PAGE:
Blackwater CEO Defends Workers in Iraq

Erik Prince, founder and CEO of Blackwater USA, defends his private security firm against allegations that contractors in Iraq have been involved in several incidents resulting in civilian casualties.

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The man who founded the private security firm Blackwater USA defended his company yesterday, saying his armed contractors are not cowboys, reckless in Iraq. Prince testified before the House Committee on Oversight in Government Reform. The hearing was sparked by a deadly shooting incident in Baghdad last month that involved Blackwater personnel. Prince stressed that his contractors work in dangerous and complex environments.

Here is NPR's national security correspondent Jackie Northam.

JACKIE NORTHAM: For nearly four hours, Blackwater's chief executive, Eric Prince, sat alone at the witness table in the packed congressional hearing room, answering questions from members of the House Oversight Committee - questions about Blackwater's mission in Iraq, the company's astonishing growth over the past few years, and deadly incidents involving Blackwater contractors.

On Monday, the Justice Department asked the committee not to raise any questions about the September 16th shooting incident in Baghdad involving Blackwater contractors that left at least 11 Iraqi civilians dead, because it's under investigation. Still, Prince did address the issue indirectly several times.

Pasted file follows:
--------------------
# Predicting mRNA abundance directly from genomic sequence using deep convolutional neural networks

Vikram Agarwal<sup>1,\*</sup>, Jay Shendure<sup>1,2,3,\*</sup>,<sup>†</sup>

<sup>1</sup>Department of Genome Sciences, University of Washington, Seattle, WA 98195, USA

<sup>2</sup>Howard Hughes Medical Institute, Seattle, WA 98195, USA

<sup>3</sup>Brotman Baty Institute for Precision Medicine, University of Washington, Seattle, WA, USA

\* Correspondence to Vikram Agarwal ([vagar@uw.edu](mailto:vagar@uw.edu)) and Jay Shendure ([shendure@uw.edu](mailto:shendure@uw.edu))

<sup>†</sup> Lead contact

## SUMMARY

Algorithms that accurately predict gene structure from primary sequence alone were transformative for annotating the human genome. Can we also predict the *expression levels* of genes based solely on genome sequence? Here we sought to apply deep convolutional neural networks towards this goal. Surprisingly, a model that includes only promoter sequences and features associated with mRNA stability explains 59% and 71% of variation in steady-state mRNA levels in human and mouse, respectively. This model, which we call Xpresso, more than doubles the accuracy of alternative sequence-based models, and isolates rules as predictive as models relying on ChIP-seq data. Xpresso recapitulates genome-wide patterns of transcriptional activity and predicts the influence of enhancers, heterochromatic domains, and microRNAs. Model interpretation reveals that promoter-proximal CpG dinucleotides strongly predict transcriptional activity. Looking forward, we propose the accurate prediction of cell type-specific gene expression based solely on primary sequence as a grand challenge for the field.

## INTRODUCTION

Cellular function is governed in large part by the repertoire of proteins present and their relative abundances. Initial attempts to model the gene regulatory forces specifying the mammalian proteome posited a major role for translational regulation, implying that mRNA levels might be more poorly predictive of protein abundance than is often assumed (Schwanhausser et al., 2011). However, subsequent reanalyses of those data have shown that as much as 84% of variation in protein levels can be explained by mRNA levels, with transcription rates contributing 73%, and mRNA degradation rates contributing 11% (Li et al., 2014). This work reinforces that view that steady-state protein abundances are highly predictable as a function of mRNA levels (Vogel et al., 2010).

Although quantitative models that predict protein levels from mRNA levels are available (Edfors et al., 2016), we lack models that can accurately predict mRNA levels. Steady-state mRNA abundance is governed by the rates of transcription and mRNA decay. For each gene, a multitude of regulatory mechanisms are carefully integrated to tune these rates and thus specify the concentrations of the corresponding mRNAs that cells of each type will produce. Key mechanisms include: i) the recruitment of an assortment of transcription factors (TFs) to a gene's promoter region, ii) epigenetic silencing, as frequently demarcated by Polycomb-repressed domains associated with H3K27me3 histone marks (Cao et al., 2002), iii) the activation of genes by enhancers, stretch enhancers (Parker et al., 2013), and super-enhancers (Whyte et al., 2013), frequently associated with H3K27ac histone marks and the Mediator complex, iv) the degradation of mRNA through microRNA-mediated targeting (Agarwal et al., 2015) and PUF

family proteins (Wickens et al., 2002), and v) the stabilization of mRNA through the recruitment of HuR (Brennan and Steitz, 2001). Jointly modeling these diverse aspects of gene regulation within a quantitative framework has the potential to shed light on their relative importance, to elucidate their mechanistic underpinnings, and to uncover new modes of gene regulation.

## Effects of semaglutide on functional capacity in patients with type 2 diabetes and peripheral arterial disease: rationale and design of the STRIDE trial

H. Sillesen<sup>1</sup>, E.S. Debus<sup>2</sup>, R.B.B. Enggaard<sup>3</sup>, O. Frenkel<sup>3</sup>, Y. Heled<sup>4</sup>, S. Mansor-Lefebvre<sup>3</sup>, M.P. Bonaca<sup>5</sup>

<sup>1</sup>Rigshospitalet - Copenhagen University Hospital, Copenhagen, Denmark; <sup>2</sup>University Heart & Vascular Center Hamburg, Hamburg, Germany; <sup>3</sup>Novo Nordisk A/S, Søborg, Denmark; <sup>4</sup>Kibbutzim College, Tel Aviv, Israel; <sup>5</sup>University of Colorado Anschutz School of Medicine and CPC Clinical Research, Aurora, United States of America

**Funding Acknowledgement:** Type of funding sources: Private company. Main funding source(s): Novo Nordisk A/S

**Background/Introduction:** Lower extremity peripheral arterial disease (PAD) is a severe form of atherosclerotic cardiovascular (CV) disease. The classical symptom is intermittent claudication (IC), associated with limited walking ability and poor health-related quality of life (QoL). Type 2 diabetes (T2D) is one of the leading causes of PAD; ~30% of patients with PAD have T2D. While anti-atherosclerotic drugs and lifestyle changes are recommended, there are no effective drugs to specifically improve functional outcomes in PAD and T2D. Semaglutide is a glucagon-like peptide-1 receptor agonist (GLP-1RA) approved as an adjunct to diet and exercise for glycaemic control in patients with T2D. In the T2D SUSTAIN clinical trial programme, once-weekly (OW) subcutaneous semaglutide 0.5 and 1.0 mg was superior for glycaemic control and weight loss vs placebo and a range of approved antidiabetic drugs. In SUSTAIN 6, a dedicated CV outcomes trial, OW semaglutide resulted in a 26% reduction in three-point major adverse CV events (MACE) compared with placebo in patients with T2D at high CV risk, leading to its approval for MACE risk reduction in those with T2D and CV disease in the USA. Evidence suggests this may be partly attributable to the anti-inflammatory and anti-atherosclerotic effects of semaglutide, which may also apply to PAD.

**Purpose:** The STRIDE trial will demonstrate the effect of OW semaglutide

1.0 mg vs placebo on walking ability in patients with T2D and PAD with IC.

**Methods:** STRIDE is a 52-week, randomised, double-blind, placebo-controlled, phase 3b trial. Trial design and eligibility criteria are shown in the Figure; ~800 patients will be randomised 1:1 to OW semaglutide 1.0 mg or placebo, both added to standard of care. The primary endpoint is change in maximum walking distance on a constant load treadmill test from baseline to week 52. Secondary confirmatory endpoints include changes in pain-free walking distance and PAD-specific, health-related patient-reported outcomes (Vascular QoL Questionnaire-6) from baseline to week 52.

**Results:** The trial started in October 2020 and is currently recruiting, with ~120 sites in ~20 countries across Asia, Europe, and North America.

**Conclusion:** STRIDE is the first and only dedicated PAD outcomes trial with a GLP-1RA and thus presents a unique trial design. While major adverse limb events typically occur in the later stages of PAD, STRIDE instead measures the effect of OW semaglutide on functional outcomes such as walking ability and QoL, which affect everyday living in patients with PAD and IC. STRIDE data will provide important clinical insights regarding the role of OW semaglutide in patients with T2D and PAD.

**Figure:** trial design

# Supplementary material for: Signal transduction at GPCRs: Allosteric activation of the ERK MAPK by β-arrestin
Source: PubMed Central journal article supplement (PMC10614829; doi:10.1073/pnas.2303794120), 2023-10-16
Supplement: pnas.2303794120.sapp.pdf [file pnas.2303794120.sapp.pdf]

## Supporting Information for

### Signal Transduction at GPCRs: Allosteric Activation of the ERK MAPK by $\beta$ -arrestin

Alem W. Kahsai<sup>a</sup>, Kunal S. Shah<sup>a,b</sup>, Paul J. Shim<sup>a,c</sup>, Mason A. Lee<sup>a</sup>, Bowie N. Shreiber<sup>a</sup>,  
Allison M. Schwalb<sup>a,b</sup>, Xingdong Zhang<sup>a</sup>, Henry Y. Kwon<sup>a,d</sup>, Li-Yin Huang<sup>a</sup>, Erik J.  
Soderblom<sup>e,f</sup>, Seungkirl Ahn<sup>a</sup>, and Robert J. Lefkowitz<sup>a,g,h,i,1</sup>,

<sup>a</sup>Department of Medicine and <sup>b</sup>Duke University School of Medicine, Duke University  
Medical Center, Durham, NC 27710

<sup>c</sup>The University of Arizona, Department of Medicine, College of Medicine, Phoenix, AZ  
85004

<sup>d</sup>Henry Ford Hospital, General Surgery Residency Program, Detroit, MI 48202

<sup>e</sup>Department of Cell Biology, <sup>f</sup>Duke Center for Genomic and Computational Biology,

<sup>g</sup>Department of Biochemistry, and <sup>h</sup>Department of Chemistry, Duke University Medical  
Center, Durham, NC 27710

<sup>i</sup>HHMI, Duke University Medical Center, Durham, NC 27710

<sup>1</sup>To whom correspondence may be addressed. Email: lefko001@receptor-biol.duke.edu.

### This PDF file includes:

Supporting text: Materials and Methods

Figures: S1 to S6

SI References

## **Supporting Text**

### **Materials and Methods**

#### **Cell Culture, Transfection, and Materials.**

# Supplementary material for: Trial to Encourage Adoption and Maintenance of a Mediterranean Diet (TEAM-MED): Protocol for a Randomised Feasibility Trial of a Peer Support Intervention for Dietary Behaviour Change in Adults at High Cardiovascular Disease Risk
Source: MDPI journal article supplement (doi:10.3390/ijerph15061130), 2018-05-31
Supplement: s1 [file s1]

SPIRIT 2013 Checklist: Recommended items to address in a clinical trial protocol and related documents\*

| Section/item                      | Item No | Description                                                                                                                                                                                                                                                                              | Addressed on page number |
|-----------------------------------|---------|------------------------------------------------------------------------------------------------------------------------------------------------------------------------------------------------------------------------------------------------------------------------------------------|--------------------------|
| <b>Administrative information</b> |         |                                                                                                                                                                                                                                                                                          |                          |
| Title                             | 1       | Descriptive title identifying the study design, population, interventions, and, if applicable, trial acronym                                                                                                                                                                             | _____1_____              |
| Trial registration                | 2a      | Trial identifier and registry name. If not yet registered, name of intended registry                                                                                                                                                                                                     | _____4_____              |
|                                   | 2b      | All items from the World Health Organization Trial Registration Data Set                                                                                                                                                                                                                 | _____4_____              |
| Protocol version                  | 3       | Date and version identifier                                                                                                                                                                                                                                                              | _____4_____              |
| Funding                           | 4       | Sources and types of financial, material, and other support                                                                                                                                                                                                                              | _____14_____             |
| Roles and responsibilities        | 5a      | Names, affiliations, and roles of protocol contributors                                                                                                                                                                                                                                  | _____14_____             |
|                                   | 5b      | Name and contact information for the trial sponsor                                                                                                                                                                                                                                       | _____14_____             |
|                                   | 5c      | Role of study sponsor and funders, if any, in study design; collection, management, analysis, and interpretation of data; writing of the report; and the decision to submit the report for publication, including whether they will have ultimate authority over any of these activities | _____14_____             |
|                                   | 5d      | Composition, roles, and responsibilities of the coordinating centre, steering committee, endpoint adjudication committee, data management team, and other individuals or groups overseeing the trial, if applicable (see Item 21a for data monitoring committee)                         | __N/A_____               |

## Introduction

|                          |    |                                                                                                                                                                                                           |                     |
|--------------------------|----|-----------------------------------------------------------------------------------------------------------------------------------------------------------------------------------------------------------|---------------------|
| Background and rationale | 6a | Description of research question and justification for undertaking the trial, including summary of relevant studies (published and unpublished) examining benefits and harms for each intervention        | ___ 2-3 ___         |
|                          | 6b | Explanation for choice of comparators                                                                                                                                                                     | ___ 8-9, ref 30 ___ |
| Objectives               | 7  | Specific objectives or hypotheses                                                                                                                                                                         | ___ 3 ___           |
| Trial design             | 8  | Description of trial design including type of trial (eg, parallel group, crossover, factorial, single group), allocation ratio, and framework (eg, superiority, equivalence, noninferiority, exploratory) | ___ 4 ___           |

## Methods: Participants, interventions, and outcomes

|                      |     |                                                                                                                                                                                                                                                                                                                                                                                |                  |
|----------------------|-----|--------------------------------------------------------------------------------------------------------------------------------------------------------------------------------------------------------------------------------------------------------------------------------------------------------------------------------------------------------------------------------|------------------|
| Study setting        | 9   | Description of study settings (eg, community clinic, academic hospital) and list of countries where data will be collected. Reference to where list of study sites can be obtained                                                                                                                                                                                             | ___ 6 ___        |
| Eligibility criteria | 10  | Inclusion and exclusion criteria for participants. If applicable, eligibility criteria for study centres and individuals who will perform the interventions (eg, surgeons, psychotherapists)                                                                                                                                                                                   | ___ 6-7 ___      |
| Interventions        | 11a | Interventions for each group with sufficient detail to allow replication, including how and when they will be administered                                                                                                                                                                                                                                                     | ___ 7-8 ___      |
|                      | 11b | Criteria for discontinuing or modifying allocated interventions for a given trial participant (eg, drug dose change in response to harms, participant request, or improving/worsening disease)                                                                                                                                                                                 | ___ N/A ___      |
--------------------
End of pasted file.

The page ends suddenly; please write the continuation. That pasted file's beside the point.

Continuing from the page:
Mr. ERIC PRINCE (Founder and CEO, Blackwater): Every life, whether American or Iraqi, is precious. I stress to the committee and to the American public, however, that I believe we acted appropriately at all times.

NORTHAM: Prince said there had been a rush to judgment before investigations into the September shooting were complete. Throughout the hearing, Prince cast his armed contractors as brave and skilled men who venture into harm's way to protect U.S. diplomats and others in Iraq. But this characterization didn't wash with many members of the Oversight Committee especially after a congressional report released Monday said Blackwater had been involved in nearly 200 incidents in which weapons were fired over the past two years, and that in most cases, Blackwater fired first from moving vehicles.